Innovation in securitisation: a marathon not a sprint
07 March 2023
The Global Financial Crisis of 2008 materially impacted the global securitisation market. Governments across the world stepped in to limit the fallout of a crisis that undoubtedly stemmed from a misuse of securitisation vehicles. Over time firms began to assess and incorporate the risks of securitisation and the market has bounced back by more than 300% since the crisis in the US. Conversely, Europe has seen securitisations shrink to less than a third of what they were pre-crisis.
The most important changes have been the introduction of the possibility to use partnerships and the clarification regarding multi-compartment securitisation structures, as well as the use of active management.
Securitisation can act as a powerful tool to support the growth of capital markets within the EU, help free up bank balance sheets thereby assisting in the redeployment of capital to support small to mid-sized companies, provide new investment opportunities, increase risk sharing across the EU by facilitating cross-border investments, and spur the transition towards a more sustainable European economy. The benefits are clear, however refining policy and legal frameworks will be necessary to boost the market. This refinement usually consists of finetuning certain aspects, at both a country and European level, rather than a tidal wave of change.
“You can’t always create a new product, but more often than not, there is room for some form of innovation,” emphasises Patrick Mischo, Office Senior Partner of Allen & Overy Luxembourg. Even though there have been a few revolutions in recent years relating to securitisation and investment structuring in Luxembourg, be it the introduction of the RAIF or the Limited Partnerships, this area of finance is characterised far more by evolution.
The update of Luxembourg’s Securitisation Law in 2022 is a prime example. Being a robust legal and tax framework, and providing solid investor protection, Luxembourg’s securitisation regime has been popular since its first Securitisation Law in 2004. The update to the Law brought a number of new developments to provide more flexible tools relating to the financing of securitisation vehicles. “The most important changes have been the introduction of the possibility to use partnerships and the clarification regarding multi-compartment securitisation structures, as well as the use of active management,” explains Vassiliyan Zanev, partner and co-chair of the Investment Management Practice Group at Loyens & Loeff Luxembourg.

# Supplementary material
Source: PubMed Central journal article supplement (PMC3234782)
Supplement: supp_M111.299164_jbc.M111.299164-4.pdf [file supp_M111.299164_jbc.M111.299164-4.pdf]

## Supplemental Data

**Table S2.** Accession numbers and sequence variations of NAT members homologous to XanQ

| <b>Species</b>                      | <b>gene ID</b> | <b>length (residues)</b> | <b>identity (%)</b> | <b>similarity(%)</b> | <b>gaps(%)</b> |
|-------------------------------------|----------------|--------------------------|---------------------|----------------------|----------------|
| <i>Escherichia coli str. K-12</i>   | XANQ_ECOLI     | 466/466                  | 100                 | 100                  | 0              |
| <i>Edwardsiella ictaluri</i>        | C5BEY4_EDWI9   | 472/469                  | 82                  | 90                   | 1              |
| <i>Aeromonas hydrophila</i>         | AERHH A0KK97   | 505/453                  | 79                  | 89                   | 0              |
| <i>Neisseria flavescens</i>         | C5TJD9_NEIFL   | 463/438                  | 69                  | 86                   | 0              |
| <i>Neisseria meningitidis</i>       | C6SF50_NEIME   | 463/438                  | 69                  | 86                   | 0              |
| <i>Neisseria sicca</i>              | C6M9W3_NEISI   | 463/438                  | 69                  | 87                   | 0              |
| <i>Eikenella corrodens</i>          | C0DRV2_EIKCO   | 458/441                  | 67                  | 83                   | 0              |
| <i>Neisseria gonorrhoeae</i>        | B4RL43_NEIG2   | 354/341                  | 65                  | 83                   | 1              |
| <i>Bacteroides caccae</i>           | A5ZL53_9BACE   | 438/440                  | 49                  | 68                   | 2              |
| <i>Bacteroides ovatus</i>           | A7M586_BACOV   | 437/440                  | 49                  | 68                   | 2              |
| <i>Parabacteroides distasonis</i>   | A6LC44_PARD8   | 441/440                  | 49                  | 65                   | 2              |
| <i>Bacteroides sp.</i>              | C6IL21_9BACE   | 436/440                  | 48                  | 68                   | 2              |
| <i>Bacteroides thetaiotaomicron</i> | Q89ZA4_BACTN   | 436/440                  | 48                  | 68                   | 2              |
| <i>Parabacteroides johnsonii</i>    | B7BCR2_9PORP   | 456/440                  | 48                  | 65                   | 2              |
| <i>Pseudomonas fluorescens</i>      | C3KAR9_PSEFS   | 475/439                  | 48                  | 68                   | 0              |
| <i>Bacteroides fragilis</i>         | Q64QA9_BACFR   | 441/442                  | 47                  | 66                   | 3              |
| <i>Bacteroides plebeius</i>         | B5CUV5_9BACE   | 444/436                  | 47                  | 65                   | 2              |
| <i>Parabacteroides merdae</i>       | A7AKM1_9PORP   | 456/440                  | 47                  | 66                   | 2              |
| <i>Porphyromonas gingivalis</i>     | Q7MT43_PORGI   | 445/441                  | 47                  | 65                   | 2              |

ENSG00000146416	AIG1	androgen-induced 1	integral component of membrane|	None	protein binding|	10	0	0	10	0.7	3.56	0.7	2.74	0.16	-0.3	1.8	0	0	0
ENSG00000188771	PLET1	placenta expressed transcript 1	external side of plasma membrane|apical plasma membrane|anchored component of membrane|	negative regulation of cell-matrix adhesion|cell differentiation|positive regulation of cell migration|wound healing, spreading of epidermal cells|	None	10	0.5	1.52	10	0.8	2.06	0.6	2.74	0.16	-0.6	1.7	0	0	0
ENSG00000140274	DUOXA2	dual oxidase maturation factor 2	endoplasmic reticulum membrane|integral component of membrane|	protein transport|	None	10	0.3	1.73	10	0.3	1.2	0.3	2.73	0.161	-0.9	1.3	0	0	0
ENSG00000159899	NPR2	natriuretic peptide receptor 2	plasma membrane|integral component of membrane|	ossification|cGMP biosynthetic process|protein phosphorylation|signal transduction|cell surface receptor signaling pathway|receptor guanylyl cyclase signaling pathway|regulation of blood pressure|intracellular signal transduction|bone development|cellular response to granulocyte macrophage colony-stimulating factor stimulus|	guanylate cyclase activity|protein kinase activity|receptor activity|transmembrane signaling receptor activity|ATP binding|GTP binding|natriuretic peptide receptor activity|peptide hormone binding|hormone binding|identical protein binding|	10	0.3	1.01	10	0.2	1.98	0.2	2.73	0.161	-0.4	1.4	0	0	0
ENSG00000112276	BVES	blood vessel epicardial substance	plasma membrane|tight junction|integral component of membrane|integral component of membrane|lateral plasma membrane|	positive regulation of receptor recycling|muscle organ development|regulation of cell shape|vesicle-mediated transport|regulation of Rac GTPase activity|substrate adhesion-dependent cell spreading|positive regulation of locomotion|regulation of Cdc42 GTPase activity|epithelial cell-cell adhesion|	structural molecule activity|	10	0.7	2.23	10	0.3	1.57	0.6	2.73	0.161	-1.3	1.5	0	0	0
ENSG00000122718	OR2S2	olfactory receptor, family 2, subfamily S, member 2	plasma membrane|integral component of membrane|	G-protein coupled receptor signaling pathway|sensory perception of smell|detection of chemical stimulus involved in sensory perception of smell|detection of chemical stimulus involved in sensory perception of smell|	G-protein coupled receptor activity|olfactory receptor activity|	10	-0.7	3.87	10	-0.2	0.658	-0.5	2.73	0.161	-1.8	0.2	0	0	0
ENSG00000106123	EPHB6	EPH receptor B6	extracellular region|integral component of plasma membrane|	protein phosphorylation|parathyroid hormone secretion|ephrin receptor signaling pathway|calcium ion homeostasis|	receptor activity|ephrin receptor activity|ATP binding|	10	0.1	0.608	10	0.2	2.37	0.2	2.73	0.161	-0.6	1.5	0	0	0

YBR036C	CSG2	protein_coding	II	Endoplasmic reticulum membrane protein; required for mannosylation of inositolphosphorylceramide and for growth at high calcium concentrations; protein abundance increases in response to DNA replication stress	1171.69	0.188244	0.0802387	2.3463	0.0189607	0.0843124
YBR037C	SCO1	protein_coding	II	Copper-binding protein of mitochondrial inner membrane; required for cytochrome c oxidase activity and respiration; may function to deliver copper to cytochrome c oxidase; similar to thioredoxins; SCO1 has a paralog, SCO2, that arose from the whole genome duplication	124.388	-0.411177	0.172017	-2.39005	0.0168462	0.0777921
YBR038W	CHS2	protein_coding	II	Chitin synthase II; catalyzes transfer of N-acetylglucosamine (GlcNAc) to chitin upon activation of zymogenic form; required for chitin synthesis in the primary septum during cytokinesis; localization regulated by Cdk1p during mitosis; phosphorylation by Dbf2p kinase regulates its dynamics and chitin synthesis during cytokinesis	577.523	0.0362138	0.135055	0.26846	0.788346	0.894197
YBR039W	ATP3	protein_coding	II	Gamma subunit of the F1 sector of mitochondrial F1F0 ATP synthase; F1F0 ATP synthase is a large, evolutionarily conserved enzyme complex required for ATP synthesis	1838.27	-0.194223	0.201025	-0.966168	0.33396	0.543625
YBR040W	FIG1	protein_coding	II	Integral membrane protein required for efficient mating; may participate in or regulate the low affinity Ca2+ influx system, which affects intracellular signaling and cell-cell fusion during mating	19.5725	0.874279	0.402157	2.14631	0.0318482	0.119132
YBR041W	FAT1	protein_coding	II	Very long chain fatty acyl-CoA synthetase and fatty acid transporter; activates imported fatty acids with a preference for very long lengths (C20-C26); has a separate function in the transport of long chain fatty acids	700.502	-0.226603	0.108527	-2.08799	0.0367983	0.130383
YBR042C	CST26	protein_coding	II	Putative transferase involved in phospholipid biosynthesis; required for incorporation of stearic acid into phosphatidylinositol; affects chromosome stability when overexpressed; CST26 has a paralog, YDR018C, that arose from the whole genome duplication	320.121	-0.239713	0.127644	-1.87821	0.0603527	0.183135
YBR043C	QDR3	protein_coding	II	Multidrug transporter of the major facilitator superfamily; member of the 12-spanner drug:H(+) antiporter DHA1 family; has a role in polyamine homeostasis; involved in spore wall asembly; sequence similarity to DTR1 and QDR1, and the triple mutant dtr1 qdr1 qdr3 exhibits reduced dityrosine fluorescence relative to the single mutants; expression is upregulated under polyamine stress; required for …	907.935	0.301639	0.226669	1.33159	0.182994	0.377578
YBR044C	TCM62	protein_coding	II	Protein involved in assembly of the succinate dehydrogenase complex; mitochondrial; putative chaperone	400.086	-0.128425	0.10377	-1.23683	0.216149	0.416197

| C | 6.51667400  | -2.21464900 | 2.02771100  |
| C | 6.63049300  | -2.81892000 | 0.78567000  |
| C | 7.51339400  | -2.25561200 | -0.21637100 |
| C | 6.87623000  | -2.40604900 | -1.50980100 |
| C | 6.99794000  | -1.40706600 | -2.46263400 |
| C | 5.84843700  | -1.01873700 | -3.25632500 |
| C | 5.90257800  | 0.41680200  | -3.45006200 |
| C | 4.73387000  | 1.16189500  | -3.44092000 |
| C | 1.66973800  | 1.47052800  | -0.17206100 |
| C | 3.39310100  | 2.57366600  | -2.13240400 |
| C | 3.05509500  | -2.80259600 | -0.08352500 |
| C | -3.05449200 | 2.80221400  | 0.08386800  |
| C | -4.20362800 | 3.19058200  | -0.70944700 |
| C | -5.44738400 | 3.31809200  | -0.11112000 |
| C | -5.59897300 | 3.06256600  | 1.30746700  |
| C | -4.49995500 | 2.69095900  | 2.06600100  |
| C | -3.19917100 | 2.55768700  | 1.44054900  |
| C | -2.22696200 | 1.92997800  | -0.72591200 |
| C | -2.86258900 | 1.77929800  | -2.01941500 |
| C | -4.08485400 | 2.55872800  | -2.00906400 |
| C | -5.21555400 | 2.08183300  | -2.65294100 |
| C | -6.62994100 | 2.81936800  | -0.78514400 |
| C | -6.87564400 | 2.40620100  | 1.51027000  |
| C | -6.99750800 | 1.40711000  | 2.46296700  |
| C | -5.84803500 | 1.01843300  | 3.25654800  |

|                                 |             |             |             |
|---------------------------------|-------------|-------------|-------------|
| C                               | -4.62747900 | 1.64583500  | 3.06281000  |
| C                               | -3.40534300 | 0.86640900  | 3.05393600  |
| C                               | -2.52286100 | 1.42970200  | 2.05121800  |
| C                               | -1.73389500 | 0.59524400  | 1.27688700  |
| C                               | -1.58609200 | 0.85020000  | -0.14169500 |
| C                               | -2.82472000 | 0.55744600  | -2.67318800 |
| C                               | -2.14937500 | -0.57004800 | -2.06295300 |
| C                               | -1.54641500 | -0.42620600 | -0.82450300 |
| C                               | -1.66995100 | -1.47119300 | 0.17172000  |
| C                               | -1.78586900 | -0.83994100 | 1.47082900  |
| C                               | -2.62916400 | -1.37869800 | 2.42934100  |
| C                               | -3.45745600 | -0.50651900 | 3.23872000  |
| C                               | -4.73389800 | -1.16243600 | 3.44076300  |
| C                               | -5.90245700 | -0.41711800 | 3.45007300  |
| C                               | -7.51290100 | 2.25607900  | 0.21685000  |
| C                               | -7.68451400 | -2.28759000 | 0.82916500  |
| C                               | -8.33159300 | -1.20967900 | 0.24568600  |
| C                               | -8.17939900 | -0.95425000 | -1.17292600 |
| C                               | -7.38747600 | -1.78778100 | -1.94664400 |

The EU Securitisation Regulation of 2019 has also played a significant role in taking Luxembourg’s securitisation regime to the next level. Harmonisation at an EU level has been very useful according to Zanev; “there are an array of obligations for securitisation special purpose entities, as well as for originators, sponsors, and institutional investors. Requirements have also been put in place relating to risk retention, due diligence, transparency, disclosure, and other restrictions on the sale to retail investors.” Helping to remove the stigma of securitisation stemming from the subprime crisis, the number of securitisations, including private ones, have grown significantly.
Reducing establishment time and costs by not needing to create new companies is a boon to investors.